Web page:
CONVERSATION WITH A NUN
December 2003 – January 2004
Who are we really, and to whom do we pray?
In our last issue, the conversation between Ven. Robina Courtin, free lance writer Lyn Siegel and psychiatrist Dr. Normal Safransky began with the Australian-born nun’s observations on karma and what life can be like for prison inmates – something she knows well through her work with the Liberation Prison Project. The story continues …
Q: With more and more people practicing mindfulness and working on these negative qualities, do you think human beings as a whole are becoming better people?
A: Not necessarily. Look at the world. More violence. Look at this country [America] alone. Look at the number of children born now who are experiencing incredible suffering: kids who are on drugs already by the age of five, kids with attention deficit disorder, kids who are violent, homeless kids. There are so many more children now with mental suffering. You could say that the human race is going downhill, couldn’t you?
Q: What is the point if things don’t get any better? Why bother?
A: If you’re alive, then you don’t have any choice other than to practice virtue, to make yourself a better person, to try to help others. It doesn’t matter what the outside world does. If I look into my mind from day to day, and I see that anger, jealousy, fear, and neuroses make me miserable, then do I have a choice? No. Even if I just want to be happy, not to mention helping others to be happy, then the only thing I can choose is to be kind and loving and patient and generous. Because they’re the things that will bring me more sanity and contentment. Then, when you’re doing the job yourself, you can help others do the same, one step at a time.
Q: Many people have an idea that meditation and embracing Buddhism will lead to calm and stillness, yet you’re clearly a high-energy individual who approaches a variety of projects at high speed.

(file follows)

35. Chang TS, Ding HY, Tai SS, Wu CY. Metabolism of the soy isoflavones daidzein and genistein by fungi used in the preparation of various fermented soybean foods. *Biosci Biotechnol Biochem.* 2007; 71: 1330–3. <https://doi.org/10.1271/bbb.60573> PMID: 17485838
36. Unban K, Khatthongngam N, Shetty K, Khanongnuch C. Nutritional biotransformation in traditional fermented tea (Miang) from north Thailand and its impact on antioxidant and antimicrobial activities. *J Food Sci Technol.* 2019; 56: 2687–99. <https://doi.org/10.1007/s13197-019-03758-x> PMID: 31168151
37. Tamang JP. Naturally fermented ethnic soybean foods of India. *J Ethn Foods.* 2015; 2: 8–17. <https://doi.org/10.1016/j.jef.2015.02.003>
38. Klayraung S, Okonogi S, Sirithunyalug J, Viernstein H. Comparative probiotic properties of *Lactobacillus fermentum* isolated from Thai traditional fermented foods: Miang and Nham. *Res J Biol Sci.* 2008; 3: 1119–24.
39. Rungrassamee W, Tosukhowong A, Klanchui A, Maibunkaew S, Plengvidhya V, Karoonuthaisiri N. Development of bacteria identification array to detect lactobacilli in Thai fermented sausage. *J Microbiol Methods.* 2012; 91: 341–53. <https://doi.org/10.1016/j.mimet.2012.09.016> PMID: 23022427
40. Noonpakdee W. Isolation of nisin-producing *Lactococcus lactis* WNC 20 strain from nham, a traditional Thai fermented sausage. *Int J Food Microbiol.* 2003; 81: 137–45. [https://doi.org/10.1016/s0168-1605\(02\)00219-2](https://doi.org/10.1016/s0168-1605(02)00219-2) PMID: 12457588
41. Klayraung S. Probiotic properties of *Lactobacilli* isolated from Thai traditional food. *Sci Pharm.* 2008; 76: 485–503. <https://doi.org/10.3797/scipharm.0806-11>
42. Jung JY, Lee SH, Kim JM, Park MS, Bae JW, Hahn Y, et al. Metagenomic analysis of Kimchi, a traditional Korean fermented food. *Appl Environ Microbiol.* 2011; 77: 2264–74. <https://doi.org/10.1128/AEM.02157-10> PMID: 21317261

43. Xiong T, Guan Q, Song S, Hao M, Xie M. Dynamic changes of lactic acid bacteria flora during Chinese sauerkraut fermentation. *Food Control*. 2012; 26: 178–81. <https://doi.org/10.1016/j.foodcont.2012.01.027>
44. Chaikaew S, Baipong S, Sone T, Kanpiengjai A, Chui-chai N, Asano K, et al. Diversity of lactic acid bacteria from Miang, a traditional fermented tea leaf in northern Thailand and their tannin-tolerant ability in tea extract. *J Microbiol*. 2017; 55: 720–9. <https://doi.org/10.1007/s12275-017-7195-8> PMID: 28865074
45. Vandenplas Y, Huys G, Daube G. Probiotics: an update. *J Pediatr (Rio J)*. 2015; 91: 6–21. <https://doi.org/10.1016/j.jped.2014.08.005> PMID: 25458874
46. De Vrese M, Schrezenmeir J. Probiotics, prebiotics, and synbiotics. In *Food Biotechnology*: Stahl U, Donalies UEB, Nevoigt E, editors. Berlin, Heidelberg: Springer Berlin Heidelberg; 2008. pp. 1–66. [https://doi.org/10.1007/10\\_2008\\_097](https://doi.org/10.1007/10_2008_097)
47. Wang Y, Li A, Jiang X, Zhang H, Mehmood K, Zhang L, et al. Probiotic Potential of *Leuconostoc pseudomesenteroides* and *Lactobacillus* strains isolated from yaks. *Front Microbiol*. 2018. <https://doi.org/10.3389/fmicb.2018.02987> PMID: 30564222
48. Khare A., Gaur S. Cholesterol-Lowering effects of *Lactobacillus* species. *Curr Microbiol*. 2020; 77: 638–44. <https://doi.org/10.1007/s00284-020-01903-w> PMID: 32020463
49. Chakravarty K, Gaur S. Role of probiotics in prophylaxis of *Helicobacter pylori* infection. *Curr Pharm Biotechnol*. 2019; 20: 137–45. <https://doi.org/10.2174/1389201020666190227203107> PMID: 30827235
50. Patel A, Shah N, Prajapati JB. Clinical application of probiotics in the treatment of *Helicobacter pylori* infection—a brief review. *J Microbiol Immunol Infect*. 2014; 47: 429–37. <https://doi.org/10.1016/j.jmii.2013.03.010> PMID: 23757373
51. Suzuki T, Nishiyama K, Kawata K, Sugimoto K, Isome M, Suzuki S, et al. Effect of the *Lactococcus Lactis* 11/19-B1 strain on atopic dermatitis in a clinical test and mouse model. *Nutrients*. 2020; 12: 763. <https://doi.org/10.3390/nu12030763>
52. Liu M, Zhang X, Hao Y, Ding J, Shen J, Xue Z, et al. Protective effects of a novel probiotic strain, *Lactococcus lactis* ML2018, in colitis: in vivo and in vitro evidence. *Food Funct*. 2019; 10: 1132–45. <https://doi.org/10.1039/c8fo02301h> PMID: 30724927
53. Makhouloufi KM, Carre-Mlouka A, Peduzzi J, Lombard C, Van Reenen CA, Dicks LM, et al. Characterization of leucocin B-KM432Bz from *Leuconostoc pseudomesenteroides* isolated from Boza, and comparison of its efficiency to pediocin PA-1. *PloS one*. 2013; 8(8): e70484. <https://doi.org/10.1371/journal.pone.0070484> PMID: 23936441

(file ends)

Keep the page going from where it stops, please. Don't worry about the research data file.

A: I think there are some pretty clichéd ideas of what a good Buddhist should be like, and of what meditation is. The Tibetan word for meditation, gom, is “to become familiar.” “Meditation” refers to a series of sophisticated psychological techniques – Buddha didn’t use the word “psychological” because it wasn’t coined then – that enable a person to familiarize themselves with the positive, appropriate states of mind. To think that meditation simply calms you down is simplistic. You don’t need to sit looking holy to do that; you can just lie down and go to sleep.
There are many techniques to help us get a handle on our mind. A natural consequence of that – and this is the real point – is to have a mind that is more steady, more controlled, more happy, more wise, more clear, more loving, more proactive, more beneficial. That doesn’t necessarily mean being more “slow” or ”quiet.” The point isn’t just to walk slowly and look like you’re being this thing called “mindful?” His Holiness the Dalai Lama is renowned for talking fast and walking fast!
… Q: Do you ever find yourself at a point where you don’t feel like you have the strength to go on?
A: In a sense, all the time! When you learn anything, whether you want to become a carpenter or a skater, all the time you’re pushing yourself against your limits, aren’t you? You’re getting out of your comfort zone and you’re trying to become better and better at what you’re doing. And that’s sometimes very scary, very painful. You have to struggle all the time. I don’t mean struggle in a neurotic way. But, all the neurotic. That takes a lot of work …
Read the complete article as a PDF.